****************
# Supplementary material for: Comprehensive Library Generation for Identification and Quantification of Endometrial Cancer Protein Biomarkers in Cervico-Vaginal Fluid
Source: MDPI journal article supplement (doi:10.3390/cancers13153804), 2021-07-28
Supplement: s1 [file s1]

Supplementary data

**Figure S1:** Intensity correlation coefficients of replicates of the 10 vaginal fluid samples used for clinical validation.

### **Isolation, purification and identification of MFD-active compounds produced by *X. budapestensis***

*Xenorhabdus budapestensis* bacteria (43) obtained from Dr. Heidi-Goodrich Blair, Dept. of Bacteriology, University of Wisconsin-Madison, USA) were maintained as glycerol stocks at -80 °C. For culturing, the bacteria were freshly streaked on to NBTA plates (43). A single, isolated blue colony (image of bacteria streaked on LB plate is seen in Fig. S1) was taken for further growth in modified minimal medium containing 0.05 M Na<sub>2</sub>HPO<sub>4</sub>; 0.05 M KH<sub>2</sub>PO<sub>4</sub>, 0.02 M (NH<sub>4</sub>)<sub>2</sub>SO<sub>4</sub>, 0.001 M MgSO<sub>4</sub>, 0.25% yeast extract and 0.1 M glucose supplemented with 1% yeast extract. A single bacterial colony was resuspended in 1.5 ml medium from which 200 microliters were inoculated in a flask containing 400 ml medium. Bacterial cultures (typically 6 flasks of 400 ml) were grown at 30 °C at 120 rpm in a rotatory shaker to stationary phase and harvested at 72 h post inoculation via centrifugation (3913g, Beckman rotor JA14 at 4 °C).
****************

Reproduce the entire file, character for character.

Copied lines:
# Supplementary material for: Comprehensive Library Generation for Identification and Quantification of Endometrial Cancer Protein Biomarkers in Cervico-Vaginal Fluid
Source: MDPI journal article supplement (doi:10.3390/cancers13153804), 2021-07-28
Supplement: s1 [file s1]

Supplementary data

**Figure S1:** Intensity correlation coefficients of replicates of the 10 vaginal fluid samples used for clinical validation.

### **Isolation, purification and identification of MFD-active compounds produced by *X. budapestensis***

*Xenorhabdus budapestensis* bacteria (43) obtained from Dr. Heidi-Goodrich Blair, Dept. of Bacteriology, University of Wisconsin-Madison, USA) were maintained as glycerol stocks at -80 °C. For culturing, the bacteria were freshly streaked on to NBTA plates (43). A single, isolated blue colony (image of bacteria streaked on LB plate is seen in Fig. S1) was taken for further growth in modified minimal medium containing 0.05 M Na<sub>2</sub>HPO<sub>4</sub>; 0.05 M KH<sub>2</sub>PO<sub>4</sub>, 0.02 M (NH<sub>4</sub>)<sub>2</sub>SO<sub>4</sub>, 0.001 M MgSO<sub>4</sub>, 0.25% yeast extract and 0.1 M glucose supplemented with 1% yeast extract. A single bacterial colony was resuspended in 1.5 ml medium from which 200 microliters were inoculated in a flask containing 400 ml medium. Bacterial cultures (typically 6 flasks of 400 ml) were grown at 30 °C at 120 rpm in a rotatory shaker to stationary phase and harvested at 72 h post inoculation via centrifugation (3913g, Beckman rotor JA14 at 4 °C).